April 25, 2014 Today was the first day of the new walk for Alzheimer’s and for the Indiana Lincoln Highway.
Carol walked with me all day and needed a nice Jacuzzi and a good Italian meal this evening. She is going for it again tomorrow…15 miles! We started out around 8:20 and walked a whole 5 minutes to our first stop… to the Dyer, Indiana Historical Museum. A wonderful place with great people taking good care of the exhibits…Kathy Powers and Nancy Speicher. They are great people, great friends.
Dyer is the maiden name of the wife of the first settler here, Aaron Hart. The area was largely swamp land so there are a bunch of drainage ditches in the area. This whole day we are in an area that really is a suburb of Chicago these days but has a tremendous heritage in the 19th century.
From there we started heading west and were treated to an escort from the Dyer fire department…specifically, Ron Reichelt. Ron knows a ton of the local history as he has had relatives along the route, and has lived here a long, long time.
The other treat was having Judy and Ross Wood from Mishawaka join us for a part of the walk. They have been wonderful friends and long standing LH supporters and Judy is currently on our Board of Directors. They are going to try and catch up with us near Ohio in May when we finish up too!
Here they are sitting at the Ostermann Bench near Meyer Castle in Dyer and the area known as the Ideal Mile (first 4 lane, lighted, well paved highway used as an example for other towns and states back in the early 20′s).
As we entered Shereville, we had the good fortune of being invited to visit the St. John Township School dating to 1853. It has been remodeled and today they had a full day of classes and many of the kids came in costume. What a great idea. Here are a couple of pictures showing the one room school and the kids and volunteers. I even got to provide some insights regarding the Lincoln Highway for them. Can you imagine me pontificating? Don’t answer that. Really a blast!
As we headed toward downtown, Schereville we crossed a major railroad tracks…looks like the road to infinity!
Further on is one of the great old bridges of the Lincoln Highway in Indiana.
Toward the end of the day we ended up in Merrillville which started out as Wiggins Point, a great old hotel for travelers. Later (after Wiggins passed on), they renamed it Centerville only to find out there already was a Centerville in Indiana so they couldn’t name it that! So two enterprising brothers named Merrill decided on the name…surprise, they called it Merrillville. Today we stopped at the Merrillville/Ross Township Museum and met with several local dignitaries, several museum volunteers, a local reporter, my good friend George Rogge (who bought us dinner last night!!!), and the manager Alice Smedsted. She even brought some snacks for us. Yum!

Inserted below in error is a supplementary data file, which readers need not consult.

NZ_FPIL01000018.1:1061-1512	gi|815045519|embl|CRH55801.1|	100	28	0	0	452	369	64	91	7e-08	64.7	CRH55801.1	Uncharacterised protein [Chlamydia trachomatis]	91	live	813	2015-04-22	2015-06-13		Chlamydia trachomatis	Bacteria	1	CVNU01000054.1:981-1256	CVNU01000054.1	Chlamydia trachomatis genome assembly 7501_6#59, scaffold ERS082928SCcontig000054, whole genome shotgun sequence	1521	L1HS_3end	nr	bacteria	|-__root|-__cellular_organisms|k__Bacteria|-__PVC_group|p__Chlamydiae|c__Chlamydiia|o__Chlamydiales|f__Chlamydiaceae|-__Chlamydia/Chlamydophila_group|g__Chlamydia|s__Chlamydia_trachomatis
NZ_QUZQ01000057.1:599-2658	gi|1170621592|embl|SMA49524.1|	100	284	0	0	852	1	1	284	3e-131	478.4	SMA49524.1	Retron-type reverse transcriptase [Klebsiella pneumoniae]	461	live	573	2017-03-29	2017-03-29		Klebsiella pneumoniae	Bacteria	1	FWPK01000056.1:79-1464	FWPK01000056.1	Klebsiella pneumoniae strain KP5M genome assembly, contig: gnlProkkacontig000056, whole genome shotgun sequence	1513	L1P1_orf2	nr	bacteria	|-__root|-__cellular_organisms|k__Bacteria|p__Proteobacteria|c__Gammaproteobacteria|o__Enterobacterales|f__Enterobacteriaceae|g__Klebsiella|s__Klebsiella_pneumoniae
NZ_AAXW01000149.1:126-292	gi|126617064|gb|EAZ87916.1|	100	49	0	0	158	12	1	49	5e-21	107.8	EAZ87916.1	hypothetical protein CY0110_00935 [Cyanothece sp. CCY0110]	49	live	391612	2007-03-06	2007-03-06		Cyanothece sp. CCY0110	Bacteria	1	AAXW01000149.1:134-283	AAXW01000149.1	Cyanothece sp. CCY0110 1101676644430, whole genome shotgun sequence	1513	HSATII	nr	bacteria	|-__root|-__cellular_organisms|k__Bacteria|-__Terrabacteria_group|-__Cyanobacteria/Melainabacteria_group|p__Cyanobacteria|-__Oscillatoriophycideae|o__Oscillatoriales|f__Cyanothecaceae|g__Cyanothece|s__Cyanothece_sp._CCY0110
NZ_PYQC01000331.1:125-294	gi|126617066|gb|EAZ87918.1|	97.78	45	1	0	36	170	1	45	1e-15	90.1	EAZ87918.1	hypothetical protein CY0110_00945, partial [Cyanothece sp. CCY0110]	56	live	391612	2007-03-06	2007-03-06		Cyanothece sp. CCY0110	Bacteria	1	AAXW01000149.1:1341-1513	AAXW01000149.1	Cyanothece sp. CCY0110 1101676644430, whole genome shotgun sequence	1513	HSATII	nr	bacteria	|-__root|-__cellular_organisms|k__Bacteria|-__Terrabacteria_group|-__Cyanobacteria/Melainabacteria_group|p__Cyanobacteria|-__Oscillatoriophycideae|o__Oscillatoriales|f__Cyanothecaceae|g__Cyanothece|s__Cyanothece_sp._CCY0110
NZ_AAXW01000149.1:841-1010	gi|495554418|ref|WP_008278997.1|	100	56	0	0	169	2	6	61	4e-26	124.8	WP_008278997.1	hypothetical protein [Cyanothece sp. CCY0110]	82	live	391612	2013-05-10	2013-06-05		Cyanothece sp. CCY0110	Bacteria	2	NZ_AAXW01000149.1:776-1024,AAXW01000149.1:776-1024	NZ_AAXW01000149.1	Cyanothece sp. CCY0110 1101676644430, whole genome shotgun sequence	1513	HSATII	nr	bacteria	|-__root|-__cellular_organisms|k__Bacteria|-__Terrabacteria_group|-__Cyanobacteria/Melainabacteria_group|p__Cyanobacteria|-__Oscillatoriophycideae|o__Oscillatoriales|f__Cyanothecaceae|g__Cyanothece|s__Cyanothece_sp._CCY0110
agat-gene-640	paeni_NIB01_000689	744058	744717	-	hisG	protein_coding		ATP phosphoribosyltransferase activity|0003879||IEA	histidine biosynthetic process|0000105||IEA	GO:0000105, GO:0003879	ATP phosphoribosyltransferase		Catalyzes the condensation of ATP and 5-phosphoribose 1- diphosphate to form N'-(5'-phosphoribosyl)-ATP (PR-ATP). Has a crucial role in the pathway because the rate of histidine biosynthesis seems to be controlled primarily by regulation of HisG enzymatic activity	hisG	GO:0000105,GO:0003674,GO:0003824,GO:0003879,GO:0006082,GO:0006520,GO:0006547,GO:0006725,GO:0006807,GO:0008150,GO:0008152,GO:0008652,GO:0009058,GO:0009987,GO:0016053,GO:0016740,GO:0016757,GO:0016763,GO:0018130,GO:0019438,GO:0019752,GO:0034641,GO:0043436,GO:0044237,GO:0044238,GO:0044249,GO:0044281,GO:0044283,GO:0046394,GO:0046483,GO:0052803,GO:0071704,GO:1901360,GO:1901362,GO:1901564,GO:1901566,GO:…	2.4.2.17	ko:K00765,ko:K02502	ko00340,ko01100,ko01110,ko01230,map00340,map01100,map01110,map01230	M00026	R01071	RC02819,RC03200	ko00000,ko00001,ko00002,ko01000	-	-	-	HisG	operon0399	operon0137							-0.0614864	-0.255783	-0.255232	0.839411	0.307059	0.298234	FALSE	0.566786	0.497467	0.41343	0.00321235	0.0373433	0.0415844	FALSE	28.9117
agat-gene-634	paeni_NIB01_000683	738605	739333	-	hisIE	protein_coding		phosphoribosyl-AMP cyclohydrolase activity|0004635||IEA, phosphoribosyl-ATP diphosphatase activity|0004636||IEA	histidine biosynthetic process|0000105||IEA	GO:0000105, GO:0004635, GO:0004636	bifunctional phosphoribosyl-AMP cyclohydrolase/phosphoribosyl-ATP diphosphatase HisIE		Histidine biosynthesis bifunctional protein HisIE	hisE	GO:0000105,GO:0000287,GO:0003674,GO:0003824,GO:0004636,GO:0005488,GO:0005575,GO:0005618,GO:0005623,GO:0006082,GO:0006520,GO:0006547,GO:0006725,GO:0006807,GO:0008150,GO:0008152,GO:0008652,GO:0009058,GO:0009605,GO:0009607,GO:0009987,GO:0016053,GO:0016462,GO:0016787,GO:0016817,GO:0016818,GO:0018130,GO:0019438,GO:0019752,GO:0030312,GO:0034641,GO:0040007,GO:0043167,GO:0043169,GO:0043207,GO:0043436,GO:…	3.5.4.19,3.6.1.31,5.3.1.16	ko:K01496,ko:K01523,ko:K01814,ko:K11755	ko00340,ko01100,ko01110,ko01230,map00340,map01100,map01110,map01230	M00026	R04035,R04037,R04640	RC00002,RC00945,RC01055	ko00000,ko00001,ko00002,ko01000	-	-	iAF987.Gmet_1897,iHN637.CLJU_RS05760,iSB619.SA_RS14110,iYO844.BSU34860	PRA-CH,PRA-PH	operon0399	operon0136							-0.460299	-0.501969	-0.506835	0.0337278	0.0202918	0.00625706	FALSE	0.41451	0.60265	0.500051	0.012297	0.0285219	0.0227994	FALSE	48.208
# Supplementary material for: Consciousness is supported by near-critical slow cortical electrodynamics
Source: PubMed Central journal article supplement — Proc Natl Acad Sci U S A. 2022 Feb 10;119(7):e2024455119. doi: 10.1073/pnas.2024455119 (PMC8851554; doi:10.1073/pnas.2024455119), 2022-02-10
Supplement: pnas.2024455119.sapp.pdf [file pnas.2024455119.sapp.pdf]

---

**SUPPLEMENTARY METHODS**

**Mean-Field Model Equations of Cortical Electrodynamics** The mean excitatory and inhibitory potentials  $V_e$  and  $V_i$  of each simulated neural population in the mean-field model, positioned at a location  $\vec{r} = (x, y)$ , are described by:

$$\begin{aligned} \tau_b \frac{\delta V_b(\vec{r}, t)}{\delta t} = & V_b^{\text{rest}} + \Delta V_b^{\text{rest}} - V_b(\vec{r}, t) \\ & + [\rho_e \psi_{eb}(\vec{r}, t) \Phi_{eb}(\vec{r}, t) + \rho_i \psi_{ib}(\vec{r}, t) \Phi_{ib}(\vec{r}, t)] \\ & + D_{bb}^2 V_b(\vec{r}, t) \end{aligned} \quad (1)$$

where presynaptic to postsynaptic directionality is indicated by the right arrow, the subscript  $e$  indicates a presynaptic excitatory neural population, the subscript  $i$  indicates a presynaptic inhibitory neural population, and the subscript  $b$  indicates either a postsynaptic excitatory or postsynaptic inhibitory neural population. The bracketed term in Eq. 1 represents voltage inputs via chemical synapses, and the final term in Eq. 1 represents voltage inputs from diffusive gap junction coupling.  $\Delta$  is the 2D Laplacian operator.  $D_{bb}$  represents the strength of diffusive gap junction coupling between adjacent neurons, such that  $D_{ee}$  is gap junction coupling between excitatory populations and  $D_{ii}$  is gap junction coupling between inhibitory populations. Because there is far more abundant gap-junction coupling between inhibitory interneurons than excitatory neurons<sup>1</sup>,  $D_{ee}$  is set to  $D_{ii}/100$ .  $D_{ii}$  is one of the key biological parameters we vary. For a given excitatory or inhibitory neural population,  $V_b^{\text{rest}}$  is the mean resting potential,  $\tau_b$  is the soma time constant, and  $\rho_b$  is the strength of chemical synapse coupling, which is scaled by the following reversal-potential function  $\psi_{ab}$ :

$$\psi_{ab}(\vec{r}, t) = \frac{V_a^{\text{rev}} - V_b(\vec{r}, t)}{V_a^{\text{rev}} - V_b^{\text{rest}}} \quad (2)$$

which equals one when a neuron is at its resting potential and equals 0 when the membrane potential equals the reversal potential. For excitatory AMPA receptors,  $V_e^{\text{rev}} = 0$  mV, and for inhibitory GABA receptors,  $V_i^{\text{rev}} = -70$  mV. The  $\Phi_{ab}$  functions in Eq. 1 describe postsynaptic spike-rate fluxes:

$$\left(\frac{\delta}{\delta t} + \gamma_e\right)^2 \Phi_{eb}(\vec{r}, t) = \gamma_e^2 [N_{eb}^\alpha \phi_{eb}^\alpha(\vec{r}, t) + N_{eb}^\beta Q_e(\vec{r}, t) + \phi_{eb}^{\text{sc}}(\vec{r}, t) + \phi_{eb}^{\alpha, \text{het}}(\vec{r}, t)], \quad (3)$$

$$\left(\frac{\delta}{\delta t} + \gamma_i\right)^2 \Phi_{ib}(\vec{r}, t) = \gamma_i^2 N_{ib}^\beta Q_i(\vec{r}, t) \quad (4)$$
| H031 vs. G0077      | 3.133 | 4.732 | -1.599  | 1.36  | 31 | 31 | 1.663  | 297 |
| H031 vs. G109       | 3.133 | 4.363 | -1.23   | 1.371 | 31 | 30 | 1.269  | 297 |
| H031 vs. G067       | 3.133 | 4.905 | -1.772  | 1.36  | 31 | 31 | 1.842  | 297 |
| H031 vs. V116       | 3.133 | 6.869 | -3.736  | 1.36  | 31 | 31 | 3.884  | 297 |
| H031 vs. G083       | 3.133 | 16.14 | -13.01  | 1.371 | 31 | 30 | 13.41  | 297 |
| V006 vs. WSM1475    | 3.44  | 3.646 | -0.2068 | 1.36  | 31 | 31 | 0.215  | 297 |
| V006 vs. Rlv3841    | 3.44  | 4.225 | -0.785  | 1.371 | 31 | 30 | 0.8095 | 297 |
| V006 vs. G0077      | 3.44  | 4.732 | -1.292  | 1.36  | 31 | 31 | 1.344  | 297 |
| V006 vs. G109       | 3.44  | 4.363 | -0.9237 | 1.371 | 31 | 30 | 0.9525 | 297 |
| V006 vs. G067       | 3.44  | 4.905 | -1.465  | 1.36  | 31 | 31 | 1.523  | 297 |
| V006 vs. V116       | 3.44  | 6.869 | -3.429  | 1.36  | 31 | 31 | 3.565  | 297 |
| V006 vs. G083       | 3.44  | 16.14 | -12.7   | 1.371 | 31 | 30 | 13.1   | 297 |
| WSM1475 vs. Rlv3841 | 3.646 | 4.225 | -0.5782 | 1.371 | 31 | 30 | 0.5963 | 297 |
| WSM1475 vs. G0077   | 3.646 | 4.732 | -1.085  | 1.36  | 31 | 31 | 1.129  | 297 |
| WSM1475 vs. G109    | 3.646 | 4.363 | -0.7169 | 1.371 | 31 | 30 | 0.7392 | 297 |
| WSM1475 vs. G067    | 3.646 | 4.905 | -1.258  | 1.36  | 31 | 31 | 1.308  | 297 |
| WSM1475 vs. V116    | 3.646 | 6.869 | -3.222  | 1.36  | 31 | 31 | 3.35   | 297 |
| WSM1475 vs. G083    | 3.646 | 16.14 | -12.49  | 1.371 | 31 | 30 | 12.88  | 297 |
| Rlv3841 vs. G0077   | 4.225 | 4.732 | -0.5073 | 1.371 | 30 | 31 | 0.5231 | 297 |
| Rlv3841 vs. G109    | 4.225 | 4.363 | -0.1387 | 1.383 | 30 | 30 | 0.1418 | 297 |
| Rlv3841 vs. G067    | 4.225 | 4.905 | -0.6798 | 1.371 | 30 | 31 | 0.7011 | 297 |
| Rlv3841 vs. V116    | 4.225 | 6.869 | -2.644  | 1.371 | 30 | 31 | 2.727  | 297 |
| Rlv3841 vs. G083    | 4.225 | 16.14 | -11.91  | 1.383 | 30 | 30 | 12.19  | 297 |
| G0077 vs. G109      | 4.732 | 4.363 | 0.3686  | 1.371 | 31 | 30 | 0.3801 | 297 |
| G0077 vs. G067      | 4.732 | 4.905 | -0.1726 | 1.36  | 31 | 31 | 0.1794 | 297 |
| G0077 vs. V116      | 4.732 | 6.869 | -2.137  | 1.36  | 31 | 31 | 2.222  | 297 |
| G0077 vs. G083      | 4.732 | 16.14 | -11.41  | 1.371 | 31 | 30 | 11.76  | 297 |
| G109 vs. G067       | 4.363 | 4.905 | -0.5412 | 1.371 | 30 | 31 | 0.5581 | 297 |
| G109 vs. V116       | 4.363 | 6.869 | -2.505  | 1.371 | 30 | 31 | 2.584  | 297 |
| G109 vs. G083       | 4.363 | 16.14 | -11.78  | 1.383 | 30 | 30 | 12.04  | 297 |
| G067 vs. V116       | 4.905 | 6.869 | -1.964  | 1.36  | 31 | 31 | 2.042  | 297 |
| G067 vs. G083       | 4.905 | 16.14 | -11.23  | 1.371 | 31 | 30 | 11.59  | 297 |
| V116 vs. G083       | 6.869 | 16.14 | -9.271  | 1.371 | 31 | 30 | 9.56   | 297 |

One more mile to the end of the line for today…at George’s insurance business and a home from 1876…on the Lincoln Highway nearly 40 years before the LH was named!
Great weather today and we seem to be doing ok. We are enjoying the walk so far, we feel your prayers and good thoughts, and we had several additional donations as we met folks! Tomorrow it’s 15 miles to Valparaiso.
April 14, 2011; Day 1 of the walk across Indiana.
Dan and Carol Miles of Warsaw and Tom Davis of North Webster joined me for the 11 mile walk from the OH/IN border to New Haven. We left the state line around 10:00 a.m. after some brief photo ops with good friend Jim Newcombe doing the honors. My wife Carol joined us for the last 5 miles after lunch, too.
We had not walked more than 1/2 mile when we were hailed by a woman from her window. So we walked back and met Beth Sorgen who had lived in the area for many years. Beth was such fun and shared a couple of stories about the rough and tumble good old days of the Lincoln Highway in eastern Indiana. She has my address so I hope to get a letter from her with even more stories.
A bit later we met the unofficial “mayors ” of both Townley and Zulu. Jerry Love of Townley told us about the tornados of the 1920′s that reduced the size of townley substantially. he recalls hearing stories of how the tornado knocked down the local school as if it was shuffling bricks!
Dick Wobbeking of Zulu was actually out of his jurisdicton, playing a little pinochle and having a touch of beer with the boys at the tavern over in Townley. Both of these men and several more we chatted up at the tavern were very friendly and helpful… real Hoosiers offering real Hoosier hospitality.
Afer a brief lunch we headed into Besancon, a community dating back 200+ years. We visited the St Louis Catholic Church with its foundation in the 1840′s and the next door Academy that dates to 1915. The principal of the Academy is Cheryl Whitaker and what a great find she was. She came to the door and let me in then took all of us on a tour introducing us to faculty and students everywhere! They have 69 students today but have educated up to 200 at times. Cheryl shared a story about old head stones in the cemetary falling down and some of the parishoners tossing them into a lake behind the church for years and years. Now the lake is filled in so there are likely dozens of headstones buried out in back forever!
We arrived at our hotel in New Haven around 3:30 p.m. and after a little clean up and rest, joined the Mayor, Terry McDonald for dinner. We had a great time hearing about his community service, his new race for re-election, some of the history of this portion of the state (The Black Swamp era), and more. We will meet Terry in the morning and walk through New Haven together.